Equal Everywhere
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This story was originally shared on #EqualEverywhere — a campaign to champion the changemakers working to make equality for girls and women a reality. You can find the original story here.

Christine T. Rose is founder and CEO of Christine Rose Coaching & Consulting, a boutique coaching firm in the greater Seattle area dedicated to facilitating and accelerating transformation for individuals and organizations. The firm has helped business leaders grow their leadership skills, teams, and companies since 2015. Christine's book, Life Beyond #MeToo: Creating a Safer World for our Mothers, Daughters, Sisters and Friends, lays out a vision for freedom from violence and discrimination and offers tools for taking action to change the world.

Why do you advocate for equal rights for girls and women?

I grew up in a home with three sexual abusers. My early life was traumatic. In fact, I've forgotten much of my childhood and made some very poor decisions about relationships with men as a result. I've spent years working with counselors and coaches, reclaiming my life and rebuilding on the ashes of past abuse. I also have experienced workplace sexual harassment. I've volunteered and coached and worked with countless girls and women who have shared stories of harassment, abuse, and violence. I have felt the call to use what I know about coaching to help others who have faced similar challenges. Even recently, since press releases about the book have gone out, I've been subjected to online sexual harassment from people I've never met. It's an epidemic which needs immediate attention around the world.

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Courtesy of Tiffany Obi
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With the COVID-19 pandemic upending her community, Brooklyn-based singer Tiffany Obi turned to healing those who had lost loved ones the way she knew best — through music.

Obi quickly ran into one glaring issue as she began performing solo at memorials. Many of the venues where she performed didn't have the proper equipment for her to play a recorded song to accompany her singing. Often called on to perform the day before a service, Obi couldn't find any pianists to play with her on such short notice.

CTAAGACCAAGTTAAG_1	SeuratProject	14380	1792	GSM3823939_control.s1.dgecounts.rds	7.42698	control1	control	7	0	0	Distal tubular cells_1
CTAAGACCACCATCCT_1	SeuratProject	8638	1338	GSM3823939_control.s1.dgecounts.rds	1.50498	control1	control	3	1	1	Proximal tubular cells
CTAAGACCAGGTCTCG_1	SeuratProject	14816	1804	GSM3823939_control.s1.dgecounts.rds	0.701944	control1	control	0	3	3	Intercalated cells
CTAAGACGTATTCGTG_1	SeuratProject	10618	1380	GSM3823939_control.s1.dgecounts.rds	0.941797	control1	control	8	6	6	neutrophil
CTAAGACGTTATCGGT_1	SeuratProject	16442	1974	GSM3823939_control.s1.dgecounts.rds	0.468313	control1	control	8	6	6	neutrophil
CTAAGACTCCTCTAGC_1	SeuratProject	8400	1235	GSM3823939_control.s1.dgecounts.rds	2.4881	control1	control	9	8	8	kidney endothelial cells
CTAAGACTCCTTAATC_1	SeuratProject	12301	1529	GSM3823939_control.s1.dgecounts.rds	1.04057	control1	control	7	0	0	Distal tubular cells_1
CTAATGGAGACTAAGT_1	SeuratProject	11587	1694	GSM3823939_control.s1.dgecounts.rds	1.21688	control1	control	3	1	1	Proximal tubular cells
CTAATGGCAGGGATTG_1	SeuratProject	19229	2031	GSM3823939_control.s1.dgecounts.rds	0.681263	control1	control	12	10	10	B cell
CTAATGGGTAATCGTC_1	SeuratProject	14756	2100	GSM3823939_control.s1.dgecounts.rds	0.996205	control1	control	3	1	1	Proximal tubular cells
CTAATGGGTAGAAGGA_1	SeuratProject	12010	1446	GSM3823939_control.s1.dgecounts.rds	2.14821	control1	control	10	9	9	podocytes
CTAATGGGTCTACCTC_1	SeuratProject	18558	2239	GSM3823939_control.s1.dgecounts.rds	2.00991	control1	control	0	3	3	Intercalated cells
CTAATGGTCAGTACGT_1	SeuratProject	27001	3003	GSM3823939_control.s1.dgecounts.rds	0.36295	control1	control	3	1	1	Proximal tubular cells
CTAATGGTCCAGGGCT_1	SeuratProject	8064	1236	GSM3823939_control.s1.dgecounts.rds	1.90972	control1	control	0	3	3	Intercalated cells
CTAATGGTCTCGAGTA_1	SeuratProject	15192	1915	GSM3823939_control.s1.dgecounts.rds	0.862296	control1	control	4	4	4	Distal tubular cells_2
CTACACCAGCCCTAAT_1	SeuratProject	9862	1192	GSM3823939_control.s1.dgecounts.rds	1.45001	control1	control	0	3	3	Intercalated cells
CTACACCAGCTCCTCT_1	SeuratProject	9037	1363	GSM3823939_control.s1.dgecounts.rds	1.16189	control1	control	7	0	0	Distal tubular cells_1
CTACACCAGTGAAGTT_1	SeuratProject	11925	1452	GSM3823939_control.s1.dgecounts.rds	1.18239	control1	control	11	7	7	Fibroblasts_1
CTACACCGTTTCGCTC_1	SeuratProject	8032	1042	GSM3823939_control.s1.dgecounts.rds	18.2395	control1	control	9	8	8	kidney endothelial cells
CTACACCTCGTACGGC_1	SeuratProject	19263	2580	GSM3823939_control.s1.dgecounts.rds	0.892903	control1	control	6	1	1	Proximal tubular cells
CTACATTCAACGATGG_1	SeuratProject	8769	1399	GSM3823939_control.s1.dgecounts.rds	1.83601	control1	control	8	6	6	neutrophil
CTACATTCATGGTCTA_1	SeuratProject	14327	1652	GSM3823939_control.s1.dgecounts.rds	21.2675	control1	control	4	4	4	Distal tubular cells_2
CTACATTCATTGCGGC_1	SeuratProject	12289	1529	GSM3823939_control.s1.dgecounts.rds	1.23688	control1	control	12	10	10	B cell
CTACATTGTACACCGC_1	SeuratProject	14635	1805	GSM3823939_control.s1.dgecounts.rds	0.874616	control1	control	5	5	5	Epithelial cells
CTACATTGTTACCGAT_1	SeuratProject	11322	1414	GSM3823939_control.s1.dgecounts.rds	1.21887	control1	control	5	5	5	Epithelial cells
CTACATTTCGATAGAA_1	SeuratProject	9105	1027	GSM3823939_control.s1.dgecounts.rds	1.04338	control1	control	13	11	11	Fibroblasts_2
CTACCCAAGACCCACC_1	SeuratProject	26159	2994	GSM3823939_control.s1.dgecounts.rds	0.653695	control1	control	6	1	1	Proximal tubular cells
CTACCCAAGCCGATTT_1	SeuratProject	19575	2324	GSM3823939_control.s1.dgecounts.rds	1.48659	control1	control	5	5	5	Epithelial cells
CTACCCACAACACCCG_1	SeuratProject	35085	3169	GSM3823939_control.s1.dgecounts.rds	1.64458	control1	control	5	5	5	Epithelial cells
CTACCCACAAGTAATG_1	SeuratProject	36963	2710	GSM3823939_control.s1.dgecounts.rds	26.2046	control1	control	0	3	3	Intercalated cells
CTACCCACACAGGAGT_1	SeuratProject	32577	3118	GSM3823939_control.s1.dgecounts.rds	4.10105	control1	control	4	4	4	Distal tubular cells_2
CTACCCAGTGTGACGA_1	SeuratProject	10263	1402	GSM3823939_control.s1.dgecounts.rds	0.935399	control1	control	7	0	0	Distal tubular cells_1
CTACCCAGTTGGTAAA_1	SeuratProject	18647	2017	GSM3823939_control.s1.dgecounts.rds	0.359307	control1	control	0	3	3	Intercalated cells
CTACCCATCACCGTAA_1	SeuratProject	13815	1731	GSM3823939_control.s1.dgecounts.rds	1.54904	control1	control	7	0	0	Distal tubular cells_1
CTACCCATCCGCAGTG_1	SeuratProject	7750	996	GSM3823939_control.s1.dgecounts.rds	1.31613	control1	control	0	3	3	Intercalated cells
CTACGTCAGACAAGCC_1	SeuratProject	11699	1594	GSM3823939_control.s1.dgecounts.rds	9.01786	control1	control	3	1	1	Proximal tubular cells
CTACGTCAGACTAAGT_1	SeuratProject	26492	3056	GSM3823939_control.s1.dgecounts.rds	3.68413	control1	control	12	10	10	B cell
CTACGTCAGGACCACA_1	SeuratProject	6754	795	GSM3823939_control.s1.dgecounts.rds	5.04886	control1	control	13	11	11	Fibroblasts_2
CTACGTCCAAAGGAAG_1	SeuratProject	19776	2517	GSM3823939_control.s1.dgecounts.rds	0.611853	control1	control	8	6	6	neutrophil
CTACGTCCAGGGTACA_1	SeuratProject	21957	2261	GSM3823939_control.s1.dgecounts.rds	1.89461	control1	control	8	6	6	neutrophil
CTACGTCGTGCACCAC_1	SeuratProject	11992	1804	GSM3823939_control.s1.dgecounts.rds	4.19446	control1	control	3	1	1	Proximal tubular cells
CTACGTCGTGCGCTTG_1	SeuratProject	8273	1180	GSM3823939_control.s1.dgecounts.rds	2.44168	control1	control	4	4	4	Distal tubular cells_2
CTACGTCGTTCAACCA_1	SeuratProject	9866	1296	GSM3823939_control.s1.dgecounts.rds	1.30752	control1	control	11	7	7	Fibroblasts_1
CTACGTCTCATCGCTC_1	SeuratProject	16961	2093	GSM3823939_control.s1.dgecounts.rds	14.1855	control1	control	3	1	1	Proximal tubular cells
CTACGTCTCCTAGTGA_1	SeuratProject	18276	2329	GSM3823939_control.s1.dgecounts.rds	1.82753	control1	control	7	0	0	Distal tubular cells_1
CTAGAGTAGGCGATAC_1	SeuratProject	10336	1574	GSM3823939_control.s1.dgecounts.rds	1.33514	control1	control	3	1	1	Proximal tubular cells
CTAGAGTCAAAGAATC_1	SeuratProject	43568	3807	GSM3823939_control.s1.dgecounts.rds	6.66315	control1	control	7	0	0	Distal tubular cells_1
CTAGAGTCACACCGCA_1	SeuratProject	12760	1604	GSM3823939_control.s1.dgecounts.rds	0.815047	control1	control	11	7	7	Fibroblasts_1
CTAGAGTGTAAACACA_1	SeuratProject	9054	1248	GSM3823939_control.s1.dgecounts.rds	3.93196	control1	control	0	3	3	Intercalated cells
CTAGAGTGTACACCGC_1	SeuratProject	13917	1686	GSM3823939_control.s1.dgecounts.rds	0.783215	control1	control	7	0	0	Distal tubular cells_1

As she looked at the empty piano at a recent performance, Obi's had a revelation.

"Music just makes everything better," Obi said. "If there was an app to bring musicians together on short notice, we could bring so much joy to the people at those memorials."

Using the coding skills she gained at Pursuit — a rigorous, four-year intensive program that trains adults from underserved backgrounds and no prior experience in programming — Obi turned this market gap into the very first app she created.

She worked alongside four other Pursuit Fellows to build In Tune, an app that connects musicians in close proximity to foster opportunities for collaboration.

When she learned about and applied to Pursuit, Obi was eager to be a part of Pursuit's vision to empower their Fellows to build successful careers in tech. Pursuit's Fellows are representative of the community they want to build: 50% women, 70% Black or Latinx, 40% immigrant, 60% non-Bachelor's degree holders, and more than 50% are public assistance recipients.

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